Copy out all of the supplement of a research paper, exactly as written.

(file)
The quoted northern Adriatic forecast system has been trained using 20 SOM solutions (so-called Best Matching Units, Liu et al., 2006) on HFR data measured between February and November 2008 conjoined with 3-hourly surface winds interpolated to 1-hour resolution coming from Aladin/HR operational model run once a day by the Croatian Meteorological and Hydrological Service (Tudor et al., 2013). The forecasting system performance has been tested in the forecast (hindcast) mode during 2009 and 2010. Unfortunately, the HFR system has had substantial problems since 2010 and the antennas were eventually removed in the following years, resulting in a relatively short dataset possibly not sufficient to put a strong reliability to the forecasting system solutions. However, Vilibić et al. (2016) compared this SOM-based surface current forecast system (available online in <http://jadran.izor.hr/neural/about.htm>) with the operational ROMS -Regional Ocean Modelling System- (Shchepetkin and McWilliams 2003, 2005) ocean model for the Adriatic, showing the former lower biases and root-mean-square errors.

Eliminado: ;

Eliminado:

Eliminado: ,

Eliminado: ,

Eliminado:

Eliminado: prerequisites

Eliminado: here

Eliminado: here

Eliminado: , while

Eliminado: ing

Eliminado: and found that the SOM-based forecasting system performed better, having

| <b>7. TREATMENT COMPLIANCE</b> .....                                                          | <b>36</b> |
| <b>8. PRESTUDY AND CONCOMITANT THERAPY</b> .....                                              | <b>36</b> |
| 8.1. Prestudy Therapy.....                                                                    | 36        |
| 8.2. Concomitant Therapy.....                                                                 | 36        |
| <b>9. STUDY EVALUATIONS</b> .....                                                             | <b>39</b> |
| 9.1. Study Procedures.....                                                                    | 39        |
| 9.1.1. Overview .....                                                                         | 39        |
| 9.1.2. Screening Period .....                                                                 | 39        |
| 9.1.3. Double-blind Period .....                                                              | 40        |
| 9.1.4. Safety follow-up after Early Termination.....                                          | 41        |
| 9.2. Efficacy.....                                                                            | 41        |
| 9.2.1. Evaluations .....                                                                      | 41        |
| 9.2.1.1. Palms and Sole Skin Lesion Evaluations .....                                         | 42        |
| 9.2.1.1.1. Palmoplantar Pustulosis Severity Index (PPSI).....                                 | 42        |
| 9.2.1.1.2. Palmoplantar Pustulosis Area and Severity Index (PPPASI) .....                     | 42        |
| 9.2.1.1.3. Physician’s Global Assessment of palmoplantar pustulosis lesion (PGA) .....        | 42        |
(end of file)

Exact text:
The quoted northern Adriatic forecast system has been trained using 20 SOM solutions (so-called Best Matching Units, Liu et al., 2006) on HFR data measured between February and November 2008 conjoined with 3-hourly surface winds interpolated to 1-hour resolution coming from Aladin/HR operational model run once a day by the Croatian Meteorological and Hydrological Service (Tudor et al., 2013). The forecasting system performance has been tested in the forecast (hindcast) mode during 2009 and 2010. Unfortunately, the HFR system has had substantial problems since 2010 and the antennas were eventually removed in the following years, resulting in a relatively short dataset possibly not sufficient to put a strong reliability to the forecasting system solutions. However, Vilibić et al. (2016) compared this SOM-based surface current forecast system (available online in <http://jadran.izor.hr/neural/about.htm>) with the operational ROMS -Regional Ocean Modelling System- (Shchepetkin and McWilliams 2003, 2005) ocean model for the Adriatic, showing the former lower biases and root-mean-square errors.

Eliminado: ;

Eliminado:

Eliminado: ,

Eliminado: ,

Eliminado:

Eliminado: prerequisites

Eliminado: here

Eliminado: here

Eliminado: , while

Eliminado: ing

Eliminado: and found that the SOM-based forecasting system performed better, having

| <b>7. TREATMENT COMPLIANCE</b> .....                                                          | <b>36</b> |
| <b>8. PRESTUDY AND CONCOMITANT THERAPY</b> .....                                              | <b>36</b> |
| 8.1. Prestudy Therapy.....                                                                    | 36        |
| 8.2. Concomitant Therapy.....                                                                 | 36        |
| <b>9. STUDY EVALUATIONS</b> .....                                                             | <b>39</b> |
| 9.1. Study Procedures.....                                                                    | 39        |
| 9.1.1. Overview .....                                                                         | 39        |
| 9.1.2. Screening Period .....                                                                 | 39        |
| 9.1.3. Double-blind Period .....                                                              | 40        |
| 9.1.4. Safety follow-up after Early Termination.....                                          | 41        |
| 9.2. Efficacy.....                                                                            | 41        |
| 9.2.1. Evaluations .....                                                                      | 41        |
| 9.2.1.1. Palms and Sole Skin Lesion Evaluations .....                                         | 42        |
| 9.2.1.1.1. Palmoplantar Pustulosis Severity Index (PPSI).....                                 | 42        |
| 9.2.1.1.2. Palmoplantar Pustulosis Area and Severity Index (PPPASI) .....                     | 42        |
| 9.2.1.1.3. Physician’s Global Assessment of palmoplantar pustulosis lesion (PGA) .....        | 42        |